Jury hears consultant told police of concern over baby’s collapse

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A PAEDIATRIC consultant told a jury yesterday he contacted police and social services about a premature baby’s condition because of concerns about the cause of the youngster’s collapse.

Leighton O’Donnell was only 20 weeks old when he died on December 4, 2010, at Leeds General Infirmary following his transfer from York Hospital where he was first taken after his mother Gemma O’Donnell called an ambulance.

O’Donnell, 27 of Bright Street, York, denies the manslaughter of her son, who was born 13 weeks premature weighing only one pound 15oz.

The prosecution claim the baby suffered a non-accidental injury likely to have been caused by shaking which his mother has always denied.

Dr William O’Hare told Leeds Crown Court he had to consider any child protection issue when Leighton was brought to the LGI on November 29.

After speaking to the baby’s mother and considering available medical information he informed the relevant authorities “of my concerns that Leighton had been the subject of an inflicted brain injury”.

He said he had spoken to O’Donnell and her boyfriend Andrew White together.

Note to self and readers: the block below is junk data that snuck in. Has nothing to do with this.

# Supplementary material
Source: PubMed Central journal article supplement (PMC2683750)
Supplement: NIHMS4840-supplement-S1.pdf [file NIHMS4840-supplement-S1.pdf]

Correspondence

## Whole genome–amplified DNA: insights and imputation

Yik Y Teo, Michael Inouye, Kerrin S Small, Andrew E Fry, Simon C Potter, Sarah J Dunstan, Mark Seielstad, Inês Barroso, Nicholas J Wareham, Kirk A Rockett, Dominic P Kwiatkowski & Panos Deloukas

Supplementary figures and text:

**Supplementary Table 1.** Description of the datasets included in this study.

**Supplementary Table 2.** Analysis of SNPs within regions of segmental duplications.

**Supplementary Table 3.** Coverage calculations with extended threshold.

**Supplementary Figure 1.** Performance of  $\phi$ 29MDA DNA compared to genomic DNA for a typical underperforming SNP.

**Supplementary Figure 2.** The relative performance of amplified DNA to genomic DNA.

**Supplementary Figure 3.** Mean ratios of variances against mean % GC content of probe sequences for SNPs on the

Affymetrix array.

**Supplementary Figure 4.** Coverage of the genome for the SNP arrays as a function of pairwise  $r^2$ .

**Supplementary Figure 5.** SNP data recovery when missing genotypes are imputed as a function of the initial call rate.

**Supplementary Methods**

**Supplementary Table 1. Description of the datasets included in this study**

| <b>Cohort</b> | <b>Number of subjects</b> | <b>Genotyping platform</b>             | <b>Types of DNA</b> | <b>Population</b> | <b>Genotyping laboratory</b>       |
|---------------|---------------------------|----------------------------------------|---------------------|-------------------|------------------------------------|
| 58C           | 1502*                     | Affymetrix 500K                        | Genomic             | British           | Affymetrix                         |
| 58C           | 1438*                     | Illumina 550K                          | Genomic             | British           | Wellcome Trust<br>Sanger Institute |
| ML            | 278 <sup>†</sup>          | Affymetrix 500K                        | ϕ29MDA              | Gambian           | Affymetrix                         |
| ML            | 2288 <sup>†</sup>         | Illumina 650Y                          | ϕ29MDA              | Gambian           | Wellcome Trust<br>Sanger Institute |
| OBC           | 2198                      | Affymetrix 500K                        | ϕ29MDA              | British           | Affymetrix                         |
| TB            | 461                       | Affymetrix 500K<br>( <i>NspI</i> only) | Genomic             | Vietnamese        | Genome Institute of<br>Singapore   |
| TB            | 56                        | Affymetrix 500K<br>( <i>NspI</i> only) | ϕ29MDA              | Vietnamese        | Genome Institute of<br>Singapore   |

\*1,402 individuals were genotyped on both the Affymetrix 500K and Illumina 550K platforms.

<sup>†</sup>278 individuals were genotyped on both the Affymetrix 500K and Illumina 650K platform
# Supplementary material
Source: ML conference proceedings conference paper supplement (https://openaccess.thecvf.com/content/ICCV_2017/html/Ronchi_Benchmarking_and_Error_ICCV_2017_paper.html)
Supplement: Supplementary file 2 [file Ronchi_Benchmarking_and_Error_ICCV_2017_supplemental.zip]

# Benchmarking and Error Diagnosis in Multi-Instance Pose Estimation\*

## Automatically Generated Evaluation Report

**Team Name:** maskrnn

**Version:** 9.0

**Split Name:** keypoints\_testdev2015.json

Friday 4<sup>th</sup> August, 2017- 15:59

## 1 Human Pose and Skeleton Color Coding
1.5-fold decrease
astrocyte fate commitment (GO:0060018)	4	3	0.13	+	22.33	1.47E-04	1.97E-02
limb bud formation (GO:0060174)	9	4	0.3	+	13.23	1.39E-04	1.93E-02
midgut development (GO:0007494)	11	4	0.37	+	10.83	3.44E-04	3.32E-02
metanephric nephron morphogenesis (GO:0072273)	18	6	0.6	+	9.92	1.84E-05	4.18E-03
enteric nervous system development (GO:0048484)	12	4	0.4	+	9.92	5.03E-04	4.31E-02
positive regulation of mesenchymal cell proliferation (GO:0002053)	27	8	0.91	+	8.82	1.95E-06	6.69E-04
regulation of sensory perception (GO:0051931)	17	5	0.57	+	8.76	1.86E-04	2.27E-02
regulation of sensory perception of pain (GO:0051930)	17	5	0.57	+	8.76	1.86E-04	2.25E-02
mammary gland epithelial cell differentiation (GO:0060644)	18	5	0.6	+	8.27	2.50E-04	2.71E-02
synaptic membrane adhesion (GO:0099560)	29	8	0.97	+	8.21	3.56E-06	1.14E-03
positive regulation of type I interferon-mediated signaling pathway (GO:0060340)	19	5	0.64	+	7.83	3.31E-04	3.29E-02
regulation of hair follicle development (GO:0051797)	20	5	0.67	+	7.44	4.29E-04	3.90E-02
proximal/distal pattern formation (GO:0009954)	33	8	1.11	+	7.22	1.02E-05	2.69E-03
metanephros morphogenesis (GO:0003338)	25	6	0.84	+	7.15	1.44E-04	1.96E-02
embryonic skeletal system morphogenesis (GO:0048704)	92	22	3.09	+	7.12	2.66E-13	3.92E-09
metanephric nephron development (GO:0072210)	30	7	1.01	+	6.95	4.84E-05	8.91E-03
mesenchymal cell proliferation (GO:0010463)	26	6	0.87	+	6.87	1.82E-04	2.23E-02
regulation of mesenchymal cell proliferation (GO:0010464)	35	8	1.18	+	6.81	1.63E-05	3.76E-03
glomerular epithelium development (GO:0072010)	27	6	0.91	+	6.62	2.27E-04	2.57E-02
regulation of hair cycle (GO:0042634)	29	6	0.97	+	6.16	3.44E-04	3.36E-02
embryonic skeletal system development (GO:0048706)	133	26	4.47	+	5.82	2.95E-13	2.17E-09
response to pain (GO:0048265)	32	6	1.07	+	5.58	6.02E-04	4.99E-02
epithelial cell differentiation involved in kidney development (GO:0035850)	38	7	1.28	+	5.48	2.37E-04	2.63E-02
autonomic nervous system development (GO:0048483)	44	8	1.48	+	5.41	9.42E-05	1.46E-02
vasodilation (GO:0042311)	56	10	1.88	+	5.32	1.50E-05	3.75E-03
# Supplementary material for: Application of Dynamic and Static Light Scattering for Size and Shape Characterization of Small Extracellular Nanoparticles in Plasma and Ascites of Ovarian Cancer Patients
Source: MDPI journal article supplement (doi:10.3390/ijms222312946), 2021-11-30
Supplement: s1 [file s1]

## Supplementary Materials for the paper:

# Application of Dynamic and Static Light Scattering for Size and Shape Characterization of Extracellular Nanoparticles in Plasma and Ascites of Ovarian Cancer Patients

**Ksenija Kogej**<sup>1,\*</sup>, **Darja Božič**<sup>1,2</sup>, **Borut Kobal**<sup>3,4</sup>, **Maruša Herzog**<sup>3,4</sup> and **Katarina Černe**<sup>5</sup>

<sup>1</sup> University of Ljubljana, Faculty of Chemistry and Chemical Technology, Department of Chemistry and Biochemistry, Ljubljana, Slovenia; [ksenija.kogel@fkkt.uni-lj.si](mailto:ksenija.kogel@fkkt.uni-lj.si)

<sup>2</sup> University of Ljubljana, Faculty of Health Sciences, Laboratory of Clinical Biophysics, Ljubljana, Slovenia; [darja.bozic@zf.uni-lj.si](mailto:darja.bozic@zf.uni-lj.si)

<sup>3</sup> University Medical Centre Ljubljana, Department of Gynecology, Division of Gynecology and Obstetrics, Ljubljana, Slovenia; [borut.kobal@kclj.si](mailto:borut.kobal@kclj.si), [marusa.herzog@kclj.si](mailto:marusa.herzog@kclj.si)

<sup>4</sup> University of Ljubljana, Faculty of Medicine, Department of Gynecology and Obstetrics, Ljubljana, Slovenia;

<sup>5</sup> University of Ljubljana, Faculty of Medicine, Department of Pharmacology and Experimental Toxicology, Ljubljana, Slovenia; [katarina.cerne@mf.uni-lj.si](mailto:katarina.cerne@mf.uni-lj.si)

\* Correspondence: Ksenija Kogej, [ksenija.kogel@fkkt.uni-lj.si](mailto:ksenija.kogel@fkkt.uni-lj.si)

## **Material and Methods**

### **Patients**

She described waking the 
baby around 7am on November 28 because he was due to go into hospital that day for an operation but he only opened his eyes and appeared to go back to sleep and was not “whingeing” as he usually did.

She said she made a bottle for him but he was not interested and after 15 minutes had not taken any milk.

O’Donnell told him she put Leighton in his bouncy chair while she prepared a bath for 
him. She said the baby usually “created” when put in the bath but unusually did not do so that morning and she became concerned.

She woke Mr White and tried to ring her outreach nurse without success, then rang the York hospital instead.

While she was explaining the baby’s condition to the nurse there, Dr O’Hare said Mr White told him he had noticed the baby’s breathing was very, very faint.

He was told the baby then went pale and his lips were blue and the nurse told them to ring for an ambulance.

The trial continues next week.

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